Richie English says he is blessed with a lot of amazing performing opportunities. While some of The University of Western Ontario doctoral candidate’s success may be attributed to good luck, credit a lot to a good attitude and loads of talent.
English spent the past summer touring Brazil with super band The Reign of Kindo. He was filling in for the pianist in the Buffalo-based group and crafting string arrangements for their next recording.
The band, which plays indie, jazz and progressive genres, was rated No. 3 worldwide on iTunes for their second album, Rhythm, Chord and Melody. Their first, a self-titled EP, was No. 5 on the Billboard Middle Atlantic Heatseekers chart. The YouTube video of their single “Just Wait” was one of the highest rated, an immediate hit within 24 hours.
“I didn’t realize they were so famous,” English says. “I could not believe the crowds in Brazil. It was a whole different level.”
English is no stranger to large audiences.
As a 22-year-old student at the University of Buffalo, he was the opening act for the Dalai Lama. “I was petrified,” he says of the lead-up to the performance. “I worried about what would happen if I got sick or injured.”
The experience was so stressful, he switched his focus of his studies and activities.
“I decided I wanted to things for fun. I had let playing become too much of a job.”
He began making beats for hip-hop artist Billy Drease Williams who has garnered numerous awards over the past decade.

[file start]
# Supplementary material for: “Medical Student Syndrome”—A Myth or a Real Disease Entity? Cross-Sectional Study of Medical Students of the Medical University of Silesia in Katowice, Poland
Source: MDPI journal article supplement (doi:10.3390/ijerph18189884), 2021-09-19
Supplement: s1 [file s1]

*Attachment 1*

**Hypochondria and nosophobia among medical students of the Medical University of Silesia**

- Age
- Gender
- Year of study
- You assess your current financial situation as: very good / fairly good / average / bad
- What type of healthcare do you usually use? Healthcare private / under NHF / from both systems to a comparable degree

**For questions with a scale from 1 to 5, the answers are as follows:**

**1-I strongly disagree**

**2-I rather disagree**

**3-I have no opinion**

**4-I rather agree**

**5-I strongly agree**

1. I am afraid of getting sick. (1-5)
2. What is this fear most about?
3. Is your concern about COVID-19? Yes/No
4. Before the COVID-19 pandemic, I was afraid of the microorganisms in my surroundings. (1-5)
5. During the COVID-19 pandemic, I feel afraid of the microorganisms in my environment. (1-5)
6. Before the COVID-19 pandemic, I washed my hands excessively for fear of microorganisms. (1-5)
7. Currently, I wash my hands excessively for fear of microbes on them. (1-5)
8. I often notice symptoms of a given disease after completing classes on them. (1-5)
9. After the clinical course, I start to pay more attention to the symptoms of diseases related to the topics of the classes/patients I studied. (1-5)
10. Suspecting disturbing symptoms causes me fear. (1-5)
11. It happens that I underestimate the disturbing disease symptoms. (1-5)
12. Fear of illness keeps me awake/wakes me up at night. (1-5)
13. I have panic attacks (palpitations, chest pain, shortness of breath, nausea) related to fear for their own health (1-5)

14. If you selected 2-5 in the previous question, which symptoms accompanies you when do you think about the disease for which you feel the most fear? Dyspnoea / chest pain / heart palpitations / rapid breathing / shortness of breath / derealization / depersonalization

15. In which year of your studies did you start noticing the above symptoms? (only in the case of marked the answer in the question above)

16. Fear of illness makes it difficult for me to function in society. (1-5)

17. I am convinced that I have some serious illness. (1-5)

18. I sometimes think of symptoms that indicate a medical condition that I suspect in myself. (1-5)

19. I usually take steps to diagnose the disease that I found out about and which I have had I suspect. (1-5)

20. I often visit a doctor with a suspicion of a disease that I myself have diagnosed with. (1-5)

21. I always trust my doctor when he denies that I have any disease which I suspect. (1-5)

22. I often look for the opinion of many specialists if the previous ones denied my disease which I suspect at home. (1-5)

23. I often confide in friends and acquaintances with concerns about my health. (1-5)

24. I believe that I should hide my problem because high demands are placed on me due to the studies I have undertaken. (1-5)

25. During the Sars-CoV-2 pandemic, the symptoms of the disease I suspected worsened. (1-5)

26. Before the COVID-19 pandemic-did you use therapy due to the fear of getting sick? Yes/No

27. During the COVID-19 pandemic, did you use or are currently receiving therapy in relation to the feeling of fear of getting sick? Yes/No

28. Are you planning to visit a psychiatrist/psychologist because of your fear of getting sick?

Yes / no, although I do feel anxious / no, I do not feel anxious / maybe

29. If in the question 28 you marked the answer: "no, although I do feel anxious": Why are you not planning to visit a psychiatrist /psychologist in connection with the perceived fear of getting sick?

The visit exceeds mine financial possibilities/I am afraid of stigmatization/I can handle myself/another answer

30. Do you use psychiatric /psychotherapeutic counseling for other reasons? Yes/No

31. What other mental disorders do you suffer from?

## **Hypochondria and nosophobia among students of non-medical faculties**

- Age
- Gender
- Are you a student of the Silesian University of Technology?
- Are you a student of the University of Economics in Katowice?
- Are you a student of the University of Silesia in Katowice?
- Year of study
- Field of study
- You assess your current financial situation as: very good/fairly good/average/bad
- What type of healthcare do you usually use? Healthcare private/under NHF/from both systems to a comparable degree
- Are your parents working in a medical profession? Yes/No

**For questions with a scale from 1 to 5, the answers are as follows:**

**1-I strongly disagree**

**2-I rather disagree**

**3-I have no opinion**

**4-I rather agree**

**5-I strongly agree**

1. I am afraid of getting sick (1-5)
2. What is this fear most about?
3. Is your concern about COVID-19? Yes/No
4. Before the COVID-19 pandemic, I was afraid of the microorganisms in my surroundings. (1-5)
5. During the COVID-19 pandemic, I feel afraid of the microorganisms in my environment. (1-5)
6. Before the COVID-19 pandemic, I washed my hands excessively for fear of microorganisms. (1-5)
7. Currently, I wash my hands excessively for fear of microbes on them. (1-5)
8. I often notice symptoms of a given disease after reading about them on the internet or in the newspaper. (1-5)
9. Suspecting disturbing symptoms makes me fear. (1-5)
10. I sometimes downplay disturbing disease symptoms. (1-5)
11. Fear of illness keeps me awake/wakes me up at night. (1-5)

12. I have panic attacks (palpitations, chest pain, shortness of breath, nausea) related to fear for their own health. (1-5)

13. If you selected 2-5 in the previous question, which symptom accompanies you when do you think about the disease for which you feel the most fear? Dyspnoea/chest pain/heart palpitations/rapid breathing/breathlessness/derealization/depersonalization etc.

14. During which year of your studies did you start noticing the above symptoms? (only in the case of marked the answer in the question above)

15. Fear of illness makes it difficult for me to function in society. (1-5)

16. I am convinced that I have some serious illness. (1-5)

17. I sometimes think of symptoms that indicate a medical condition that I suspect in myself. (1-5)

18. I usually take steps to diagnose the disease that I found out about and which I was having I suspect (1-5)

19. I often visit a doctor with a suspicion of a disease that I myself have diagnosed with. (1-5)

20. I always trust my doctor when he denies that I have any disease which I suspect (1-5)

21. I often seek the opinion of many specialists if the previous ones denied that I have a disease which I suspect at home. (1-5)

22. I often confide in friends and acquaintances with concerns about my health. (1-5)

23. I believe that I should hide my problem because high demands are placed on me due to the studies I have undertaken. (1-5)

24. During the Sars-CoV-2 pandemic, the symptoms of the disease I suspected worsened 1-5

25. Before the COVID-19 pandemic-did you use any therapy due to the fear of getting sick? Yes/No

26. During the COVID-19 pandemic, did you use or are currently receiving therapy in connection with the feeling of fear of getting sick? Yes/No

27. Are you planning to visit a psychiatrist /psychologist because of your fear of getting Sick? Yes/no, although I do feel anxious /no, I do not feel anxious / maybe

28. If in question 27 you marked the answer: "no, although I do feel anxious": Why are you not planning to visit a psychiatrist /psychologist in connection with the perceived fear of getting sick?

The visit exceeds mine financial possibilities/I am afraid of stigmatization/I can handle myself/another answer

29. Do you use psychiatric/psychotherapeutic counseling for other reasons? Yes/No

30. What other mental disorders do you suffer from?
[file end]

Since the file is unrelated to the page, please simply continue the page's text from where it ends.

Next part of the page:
“The week I started with him, he had a video explode on YouTube. I was signed on as his producer and worked for three years on his debut album and three videos for it. Each one was bigger, with the third getting 1.6 million views. YouTube signed the label as a partner. We went to Google headquarters in Manhattan to perform.”
From there, English turned to working with The Reign of Kindo. “I’ve had a tremendous amount of blessings,” he says.
Behind the blessings is an ability to see the opportunities and work for them.
“My aunt prepared me to run with opportunities,” he said. His aunt would know.
Diane English is known for creating the television show Murphy Brown.
“I started moonlighting,” says her nephew. “I thought if you put in the effort, it can happen to anyone. I teach my undergraduates that. When you’re a performer it is easy to focus on one area honing your musicianship. It is far more important to learn the business. It’s hard work. You have to manage time.”
English has mastered the time-management issue. He juggles teaching and performing with arranging and producing.
“It’s a lot of fun. I see and do a lot of wonderful things. I love teaching. I love Western. I am writing projects for academic tenure and playing on the weekend. I am hopping between three different worlds,” he says.
Add four. He is also Chair of the Society of Graduate Students.
The ability to pursue such a combination of skills drew English to Western.
“It’s the only school I applied for,” he says.
Now in his third year of doctoral studies in music theory, English chose the Don Wright Faculty of Music because of Kevin Mooney. “He’s what I want to be. He has a rock background. He knows what it’s like touring. He is doing groundbreaking work in the field. He’s a fantastic instructor,” English says.
“It’s important to be as well-rounded as possible. In L.A. having a big skill set is very important. I’ve been advised to enter the business as a producer or arranger. The way of generating income in music is different now; it’s not in sales. The Reign of Kindo is on Letterman and their career is touring; they fly everywhere. Not everybody is rich. The dream is not to be signed by a huge label anymore because they would control you. Everything changed because of YouTube. The money is in licensing. You get 1.6 millions hits, with ads at the bottom of the videos, you start rolling in the money.”